10 out of 10: Our favourite new features in Tableau’s latest release – Part 1
At The Information Lab we are really excited about the new upcoming release of Tableau 10. The latest edition of Tableau will offer a bunch of new and super useful features that will make your Tableau life even better. In Part 1 and 2 of this blog we highlight ten of them. In Part Two we’ll explore clustering, custom geocoding and several others. In Part One we look at five newly added features that make Tableau 10 look beautiful and have been included to keep you in the flow.
Everyone who has been using Tableau for a while knows that there hasn’t been much change in the user interface since very early releases. However, in Tableau 10 we see an almost complete overhaul of the user interface. Tableau is following the material design and a flat look similar to what we recognise from the likes of Google and Facebook. Together with this new design we get a new default colour scheme and new fonts. We think this new Tableau shines and makes your vizzes look even more beautiful.
Tableau gives you way more options to customise your colours. In previous versions the default continuous colour was green. The design team at Tableau changed this to include a much more softer blue. We think this new colour jumps less to the front and therefore keeps you in the flow even more.
Fonts also make an introduction in this version of Tableau. Gone are the days that you needed to find a font that would suit all devices and operating systems, now Tableau includes a new custom font that is specifically built to make your vizzes look beautiful, even legible in the smallest size and across all devices.
Another really useful new feature in Tableau 10 is workbook level formatting. This means that you can set the font of your whole workbook and therefore you don’t have to copy formatting or set the formatting for each individual sheet. Thank you Tableau!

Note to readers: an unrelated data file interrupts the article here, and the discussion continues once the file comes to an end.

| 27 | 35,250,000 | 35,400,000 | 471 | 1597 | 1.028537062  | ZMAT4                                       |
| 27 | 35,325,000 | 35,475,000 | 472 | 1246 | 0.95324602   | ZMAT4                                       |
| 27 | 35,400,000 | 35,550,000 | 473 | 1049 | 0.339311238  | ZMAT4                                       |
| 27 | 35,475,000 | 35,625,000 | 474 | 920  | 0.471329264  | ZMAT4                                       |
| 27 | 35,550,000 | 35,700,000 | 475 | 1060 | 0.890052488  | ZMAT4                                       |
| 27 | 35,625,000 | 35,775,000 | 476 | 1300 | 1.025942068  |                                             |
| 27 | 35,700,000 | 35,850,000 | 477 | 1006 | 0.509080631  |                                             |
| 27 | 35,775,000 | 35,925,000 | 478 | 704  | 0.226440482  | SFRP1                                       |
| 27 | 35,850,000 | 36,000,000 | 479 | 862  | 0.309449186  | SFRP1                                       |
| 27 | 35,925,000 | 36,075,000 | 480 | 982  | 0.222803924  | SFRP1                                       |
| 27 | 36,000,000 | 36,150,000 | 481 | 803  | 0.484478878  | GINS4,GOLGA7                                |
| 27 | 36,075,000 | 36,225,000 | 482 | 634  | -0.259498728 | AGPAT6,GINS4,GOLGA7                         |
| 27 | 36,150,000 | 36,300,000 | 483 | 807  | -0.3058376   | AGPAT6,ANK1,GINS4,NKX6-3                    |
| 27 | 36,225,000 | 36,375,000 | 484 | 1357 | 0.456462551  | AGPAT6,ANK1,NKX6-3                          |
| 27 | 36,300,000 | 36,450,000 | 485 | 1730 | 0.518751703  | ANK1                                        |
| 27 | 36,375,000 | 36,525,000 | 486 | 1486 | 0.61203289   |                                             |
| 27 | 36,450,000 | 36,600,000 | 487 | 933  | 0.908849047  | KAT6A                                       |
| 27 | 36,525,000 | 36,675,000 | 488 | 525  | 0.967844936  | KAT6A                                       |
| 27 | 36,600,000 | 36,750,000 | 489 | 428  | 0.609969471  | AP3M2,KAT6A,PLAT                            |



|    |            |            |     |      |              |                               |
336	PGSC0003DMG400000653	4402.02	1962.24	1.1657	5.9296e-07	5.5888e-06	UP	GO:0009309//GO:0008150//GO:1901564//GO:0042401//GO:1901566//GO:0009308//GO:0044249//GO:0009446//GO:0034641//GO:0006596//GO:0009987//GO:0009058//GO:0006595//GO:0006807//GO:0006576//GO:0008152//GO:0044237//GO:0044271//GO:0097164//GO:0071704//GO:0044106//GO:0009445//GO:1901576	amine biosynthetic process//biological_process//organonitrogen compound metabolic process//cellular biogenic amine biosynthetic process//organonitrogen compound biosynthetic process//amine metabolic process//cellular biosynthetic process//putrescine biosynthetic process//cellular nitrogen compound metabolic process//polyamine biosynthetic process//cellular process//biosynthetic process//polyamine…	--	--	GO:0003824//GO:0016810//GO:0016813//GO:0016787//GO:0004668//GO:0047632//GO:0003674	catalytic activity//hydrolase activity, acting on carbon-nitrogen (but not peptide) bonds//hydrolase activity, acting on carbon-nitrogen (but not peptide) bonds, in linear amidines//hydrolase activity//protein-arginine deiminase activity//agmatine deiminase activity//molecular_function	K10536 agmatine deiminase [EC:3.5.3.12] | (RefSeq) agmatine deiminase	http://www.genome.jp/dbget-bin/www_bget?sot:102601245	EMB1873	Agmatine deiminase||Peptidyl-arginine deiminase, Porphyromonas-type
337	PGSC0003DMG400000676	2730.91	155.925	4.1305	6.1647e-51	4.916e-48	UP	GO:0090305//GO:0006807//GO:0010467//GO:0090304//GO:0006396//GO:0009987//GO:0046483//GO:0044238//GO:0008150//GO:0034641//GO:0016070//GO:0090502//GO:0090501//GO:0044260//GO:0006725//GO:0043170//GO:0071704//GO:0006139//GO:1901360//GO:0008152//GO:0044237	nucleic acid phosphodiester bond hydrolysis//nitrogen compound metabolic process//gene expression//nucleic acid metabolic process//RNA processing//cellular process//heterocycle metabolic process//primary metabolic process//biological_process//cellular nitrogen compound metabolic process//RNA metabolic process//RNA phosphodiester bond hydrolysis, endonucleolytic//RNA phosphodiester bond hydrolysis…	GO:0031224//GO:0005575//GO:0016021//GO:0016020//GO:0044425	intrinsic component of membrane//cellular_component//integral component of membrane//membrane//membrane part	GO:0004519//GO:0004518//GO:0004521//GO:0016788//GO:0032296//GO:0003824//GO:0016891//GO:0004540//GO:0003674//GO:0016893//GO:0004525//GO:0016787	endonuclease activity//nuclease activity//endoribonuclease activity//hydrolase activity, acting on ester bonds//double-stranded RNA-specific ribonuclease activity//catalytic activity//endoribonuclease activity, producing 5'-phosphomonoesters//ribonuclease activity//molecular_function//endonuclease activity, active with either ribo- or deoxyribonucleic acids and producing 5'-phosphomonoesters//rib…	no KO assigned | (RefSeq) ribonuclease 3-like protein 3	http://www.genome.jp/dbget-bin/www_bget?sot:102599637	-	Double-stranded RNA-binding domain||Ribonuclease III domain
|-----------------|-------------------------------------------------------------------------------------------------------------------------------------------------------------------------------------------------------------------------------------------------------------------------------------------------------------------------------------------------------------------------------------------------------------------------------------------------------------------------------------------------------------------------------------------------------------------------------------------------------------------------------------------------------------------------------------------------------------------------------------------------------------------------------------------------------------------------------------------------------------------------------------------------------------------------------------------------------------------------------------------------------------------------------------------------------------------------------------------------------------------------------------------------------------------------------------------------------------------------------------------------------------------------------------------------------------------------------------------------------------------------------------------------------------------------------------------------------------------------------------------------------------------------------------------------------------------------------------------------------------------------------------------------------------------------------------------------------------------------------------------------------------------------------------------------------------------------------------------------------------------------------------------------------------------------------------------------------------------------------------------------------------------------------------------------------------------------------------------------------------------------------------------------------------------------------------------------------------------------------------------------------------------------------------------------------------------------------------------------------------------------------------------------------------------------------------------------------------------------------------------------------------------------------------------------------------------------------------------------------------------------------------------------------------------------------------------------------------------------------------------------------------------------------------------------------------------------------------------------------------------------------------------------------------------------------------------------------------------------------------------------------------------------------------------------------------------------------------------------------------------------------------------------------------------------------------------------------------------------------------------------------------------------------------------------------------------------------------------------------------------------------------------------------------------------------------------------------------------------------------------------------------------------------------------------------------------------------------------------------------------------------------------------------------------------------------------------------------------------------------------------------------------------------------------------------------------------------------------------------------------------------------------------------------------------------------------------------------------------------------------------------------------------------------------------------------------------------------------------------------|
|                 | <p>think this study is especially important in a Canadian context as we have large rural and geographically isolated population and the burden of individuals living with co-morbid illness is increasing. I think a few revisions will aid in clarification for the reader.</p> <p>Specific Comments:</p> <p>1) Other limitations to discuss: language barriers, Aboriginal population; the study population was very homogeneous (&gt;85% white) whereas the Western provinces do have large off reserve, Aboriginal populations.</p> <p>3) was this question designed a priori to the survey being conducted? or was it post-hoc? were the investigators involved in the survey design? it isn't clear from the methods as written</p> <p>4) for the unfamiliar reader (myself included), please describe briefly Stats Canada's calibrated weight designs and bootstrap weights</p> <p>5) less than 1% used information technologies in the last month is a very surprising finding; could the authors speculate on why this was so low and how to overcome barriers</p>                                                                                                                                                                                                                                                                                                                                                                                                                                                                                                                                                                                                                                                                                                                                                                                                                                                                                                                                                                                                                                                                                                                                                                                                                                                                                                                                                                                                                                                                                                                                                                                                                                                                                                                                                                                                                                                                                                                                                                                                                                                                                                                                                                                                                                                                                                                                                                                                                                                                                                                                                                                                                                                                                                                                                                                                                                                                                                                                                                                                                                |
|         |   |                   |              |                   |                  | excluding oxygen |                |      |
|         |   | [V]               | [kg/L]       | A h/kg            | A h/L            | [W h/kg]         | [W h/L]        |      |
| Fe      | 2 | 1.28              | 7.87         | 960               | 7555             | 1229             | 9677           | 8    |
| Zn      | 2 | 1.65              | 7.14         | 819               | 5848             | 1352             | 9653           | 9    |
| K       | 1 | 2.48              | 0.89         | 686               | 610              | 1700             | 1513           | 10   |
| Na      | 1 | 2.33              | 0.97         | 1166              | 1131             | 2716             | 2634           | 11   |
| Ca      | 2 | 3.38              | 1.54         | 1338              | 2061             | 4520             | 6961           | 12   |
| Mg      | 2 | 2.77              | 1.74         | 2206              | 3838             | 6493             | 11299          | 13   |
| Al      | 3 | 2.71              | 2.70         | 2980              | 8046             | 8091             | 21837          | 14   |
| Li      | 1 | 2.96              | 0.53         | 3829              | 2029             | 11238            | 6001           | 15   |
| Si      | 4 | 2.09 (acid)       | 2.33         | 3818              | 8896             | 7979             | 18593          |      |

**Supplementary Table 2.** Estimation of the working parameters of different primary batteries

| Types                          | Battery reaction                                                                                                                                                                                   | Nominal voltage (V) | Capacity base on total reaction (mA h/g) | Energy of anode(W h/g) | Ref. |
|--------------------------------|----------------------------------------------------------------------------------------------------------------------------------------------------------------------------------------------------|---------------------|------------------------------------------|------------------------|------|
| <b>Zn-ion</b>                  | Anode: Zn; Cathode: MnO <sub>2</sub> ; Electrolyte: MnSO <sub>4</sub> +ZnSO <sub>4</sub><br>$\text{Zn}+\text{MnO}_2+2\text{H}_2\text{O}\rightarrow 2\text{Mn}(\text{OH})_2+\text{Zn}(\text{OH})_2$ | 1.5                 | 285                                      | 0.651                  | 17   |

Whenever you have a lot of marks in your view, for example in a scatter plot, it might be hard to find a particular customer or product. Tableau 10 ships a new feature called the ‘highlighter’, which is a free text field and dropdown menu that can be used to quickly find and highlight your data. This means you don’t need a parameter or a colour legend to find what you are looking for and therefore does not clutter or alter your viz. We can already see some great possibilities of the highlighter in combination with reference lines or together with another new feature called clustering.
5. Cross-data source filtering
The fifth new feature we are really excited about is cross-data source filtering. Yes, you’ve read this correctly, you can now filter across multiple data sources without using a rather tedious parameter. This has been on our wish lists for quite some time and finally it’s included in Tableau. Cross-data source filtering works as follows: whenever you have a workbook that contains more than one data source that has various common fields. Take for example a dimension called Customer. If you drag this dimension to filters on one of your sheets you can now set the filter to be across all using related data sources. This will then filter down over all of your views that have this Customer dimension. The good news is that you can also set this to particular sheets, which means that there is a lot of flexibility to customise your dashboards.
Stay tuned for Part Two of this blog in which we’ll take a look at five other new and exciting Tableau 10 features including clustering, custom geocoding, and several others.